Search This Blog

Tuesday, August 19, 2008

Regional Sheet Music Restoration

by Diane Janowski

I restore historic American hometown sheet music books. So far, I have completed four volumes. The songs in my books are specific to the towns, cities, mountains, rivers, and lakes of New York and Pennsylvania. The first volume has songs written in - or about - Elmira, Binghamton, Canisteo, Ithaca, Chenango, Tioga, Rochester, Syracuse and Utica. The second book contains songs about Buffalo, Albany, Jamestown, Niagara Falls, Poughkeepsie, Newburgh,Yonkers, Tonawanda, Saratoga Springs, Herkimer, the Adirondack and Catskill Mountains, the lakes of Oneida, Onondaga, Chautauqua, and Seneca, and the Genesee and Hudson Rivers. The third one is about the Pennsylvania towns of Allentown, Altoona, Carlisle, Easton, Ephrata, Erie, Harrisburg, Lancaster, Lebanon, Philadelphia, Pittsburgh, Sunbury, Wilkes-Barre, Williamsport, and the Pocono Mountains
The fourth one is a wedding book with songs written by small town composers.

In the 19th century, long before radio, television, motion pictures, stereos, computers and iPods, we entertained ourselves, our families, and our guests with music and singing. In most families, usually, at least one person read music and played an instrument. By 1850, pianos sat in parlors of many, if not most, middle-class homes. Music and bookstores sold songs in sheet music form. The technical demands of this “parlor music” easily allowed amateur musicians and singers to share their talents. Although Tin Pan Alley in New York City was the center for song publishing at the time, music and bookstores in many smaller towns published hometown compositions. Piano-makers and music teachers, especially, produced their own-labeled music to help promote their businesses or products.

By 1870, songs of this genre became more complex and sophisticated in their melodic and harmonic vocabulary, and professional singers and musicians played them in public recitals.

For whatever reasons, mainly changes in musical tastes, the songs in this book have been forgotten. Yes, they are archived in the Library of Congress, but the tunes are not recognized in modern times. In fact, these songs may not have even been played in the last hundred years or more.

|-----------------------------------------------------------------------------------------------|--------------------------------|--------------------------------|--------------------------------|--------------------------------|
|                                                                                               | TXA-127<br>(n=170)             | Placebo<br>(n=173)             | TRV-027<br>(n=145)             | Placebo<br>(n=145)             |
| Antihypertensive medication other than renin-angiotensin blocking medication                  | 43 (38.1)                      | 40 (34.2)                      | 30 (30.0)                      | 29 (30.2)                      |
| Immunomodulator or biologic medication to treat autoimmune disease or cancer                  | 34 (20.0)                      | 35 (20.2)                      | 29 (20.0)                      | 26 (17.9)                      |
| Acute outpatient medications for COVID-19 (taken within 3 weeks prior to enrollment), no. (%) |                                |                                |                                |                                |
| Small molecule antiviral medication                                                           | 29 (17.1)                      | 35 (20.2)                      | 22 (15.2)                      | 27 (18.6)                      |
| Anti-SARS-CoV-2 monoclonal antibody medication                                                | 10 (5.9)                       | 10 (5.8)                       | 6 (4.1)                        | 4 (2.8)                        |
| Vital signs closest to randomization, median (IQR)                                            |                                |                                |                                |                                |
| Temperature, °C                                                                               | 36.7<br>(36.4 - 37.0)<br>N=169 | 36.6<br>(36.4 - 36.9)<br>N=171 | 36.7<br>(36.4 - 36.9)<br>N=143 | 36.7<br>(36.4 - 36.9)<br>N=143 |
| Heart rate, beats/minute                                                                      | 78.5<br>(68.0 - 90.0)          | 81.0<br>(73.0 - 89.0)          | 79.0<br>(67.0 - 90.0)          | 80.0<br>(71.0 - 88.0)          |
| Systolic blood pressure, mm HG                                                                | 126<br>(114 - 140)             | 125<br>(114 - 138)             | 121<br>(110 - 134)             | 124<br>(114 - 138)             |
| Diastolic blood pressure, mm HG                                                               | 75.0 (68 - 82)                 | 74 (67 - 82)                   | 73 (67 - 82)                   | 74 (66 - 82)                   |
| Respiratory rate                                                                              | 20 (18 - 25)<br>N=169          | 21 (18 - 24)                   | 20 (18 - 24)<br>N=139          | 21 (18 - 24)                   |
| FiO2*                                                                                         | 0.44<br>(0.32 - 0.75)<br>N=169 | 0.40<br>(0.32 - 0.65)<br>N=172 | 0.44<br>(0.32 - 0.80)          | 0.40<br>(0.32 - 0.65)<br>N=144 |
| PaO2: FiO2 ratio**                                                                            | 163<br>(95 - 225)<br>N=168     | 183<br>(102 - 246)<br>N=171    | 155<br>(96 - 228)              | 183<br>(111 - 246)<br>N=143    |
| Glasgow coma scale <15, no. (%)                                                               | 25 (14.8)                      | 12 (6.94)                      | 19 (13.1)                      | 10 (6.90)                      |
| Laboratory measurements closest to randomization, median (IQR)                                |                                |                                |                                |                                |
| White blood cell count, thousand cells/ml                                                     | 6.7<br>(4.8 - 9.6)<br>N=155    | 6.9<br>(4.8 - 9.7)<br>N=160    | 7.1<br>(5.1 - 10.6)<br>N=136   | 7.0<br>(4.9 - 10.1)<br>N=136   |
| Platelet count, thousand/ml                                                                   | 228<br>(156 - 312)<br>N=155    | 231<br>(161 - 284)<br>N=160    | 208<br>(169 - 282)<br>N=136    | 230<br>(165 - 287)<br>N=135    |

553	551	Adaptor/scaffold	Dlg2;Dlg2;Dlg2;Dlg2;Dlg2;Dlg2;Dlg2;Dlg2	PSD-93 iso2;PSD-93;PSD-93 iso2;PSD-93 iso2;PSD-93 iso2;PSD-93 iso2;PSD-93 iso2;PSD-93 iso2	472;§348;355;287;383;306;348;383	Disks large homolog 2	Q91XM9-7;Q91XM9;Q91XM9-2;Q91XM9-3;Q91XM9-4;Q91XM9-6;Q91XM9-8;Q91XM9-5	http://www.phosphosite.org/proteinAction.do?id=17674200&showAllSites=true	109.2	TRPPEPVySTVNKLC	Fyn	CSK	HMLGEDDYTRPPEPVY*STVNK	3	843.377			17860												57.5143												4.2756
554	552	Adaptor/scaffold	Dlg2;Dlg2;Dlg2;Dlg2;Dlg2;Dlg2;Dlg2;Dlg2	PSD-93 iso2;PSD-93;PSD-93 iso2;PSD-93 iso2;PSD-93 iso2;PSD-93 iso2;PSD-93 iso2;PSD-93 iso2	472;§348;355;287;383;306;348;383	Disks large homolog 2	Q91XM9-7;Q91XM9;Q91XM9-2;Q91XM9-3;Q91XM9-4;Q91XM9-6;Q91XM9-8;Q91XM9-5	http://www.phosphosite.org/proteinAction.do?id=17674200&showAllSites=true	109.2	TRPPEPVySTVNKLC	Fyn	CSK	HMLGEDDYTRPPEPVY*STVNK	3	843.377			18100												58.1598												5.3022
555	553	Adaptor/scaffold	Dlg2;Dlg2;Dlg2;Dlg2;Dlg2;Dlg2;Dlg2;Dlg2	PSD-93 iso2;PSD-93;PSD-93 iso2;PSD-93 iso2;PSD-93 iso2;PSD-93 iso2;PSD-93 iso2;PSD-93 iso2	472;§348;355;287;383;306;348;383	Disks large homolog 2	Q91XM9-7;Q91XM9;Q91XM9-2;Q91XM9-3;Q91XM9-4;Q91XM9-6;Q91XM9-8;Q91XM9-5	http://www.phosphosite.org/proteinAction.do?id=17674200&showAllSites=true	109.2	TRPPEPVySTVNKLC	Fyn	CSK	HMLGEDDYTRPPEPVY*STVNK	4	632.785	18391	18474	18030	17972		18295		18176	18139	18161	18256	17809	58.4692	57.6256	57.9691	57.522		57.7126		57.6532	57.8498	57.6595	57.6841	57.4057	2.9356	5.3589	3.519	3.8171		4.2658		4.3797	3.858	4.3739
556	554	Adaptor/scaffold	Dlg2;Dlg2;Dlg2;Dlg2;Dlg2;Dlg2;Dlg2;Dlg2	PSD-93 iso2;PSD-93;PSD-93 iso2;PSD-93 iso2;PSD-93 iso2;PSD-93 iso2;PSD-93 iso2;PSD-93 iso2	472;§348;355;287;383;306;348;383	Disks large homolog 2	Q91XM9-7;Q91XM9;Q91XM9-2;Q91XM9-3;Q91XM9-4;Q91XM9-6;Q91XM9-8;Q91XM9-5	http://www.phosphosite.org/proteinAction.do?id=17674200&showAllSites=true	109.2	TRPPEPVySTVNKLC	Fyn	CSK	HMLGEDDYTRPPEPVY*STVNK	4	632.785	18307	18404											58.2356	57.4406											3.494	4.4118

Please keep in mind that these compositions reflected the times in which they were written, with an emotion and verve that describes the actions and events of the day. Although the tunes tend to be exuberant, you can actually hear the hometown pride in these songs. Many of the songs were written for special occasions - to herald an anniversary, the opening of a grand building, to celebrate natural beauty, to honor a school, and to give a town its own song. Some songs were played by local musicians or bands at fancy parties and balls. You imagine women in ball gowns and men smoking cigars, candle chandeliers and all the Victorian opulence of life in Upstate New York.

I’m from Elmira, New York and I knew that some old songs about Elmira existed. I thought that eventually, I would turn the idea into a history article. Then I got to thinking if Elmira has old songs - other towns must also. Where were they? Let’s get them out and play them. I want to hear what they sound like. So I became a music archaeologist and found these songs and played them. I liked what I heard and wanted to share the music. Through the miracles of 21st century technology I was able to “clean up” the rips, tears, water stains and reintroduce these songs from our forgotten musical past. I have also created a music CD of many of the songs in this book should you like to hear them - available on the New York History Review and Victorian Pride websites.

The songs in this book are a different and unique type of history - when you play or hear them, you feel an instant connection with the composer. You are transported back in time. The songs here date from 1850 to 1884.

We were all proud of our towns, our natural wonders, our buildings, and our people, and we showed our appreciation with songs.

No comments:

Post a Comment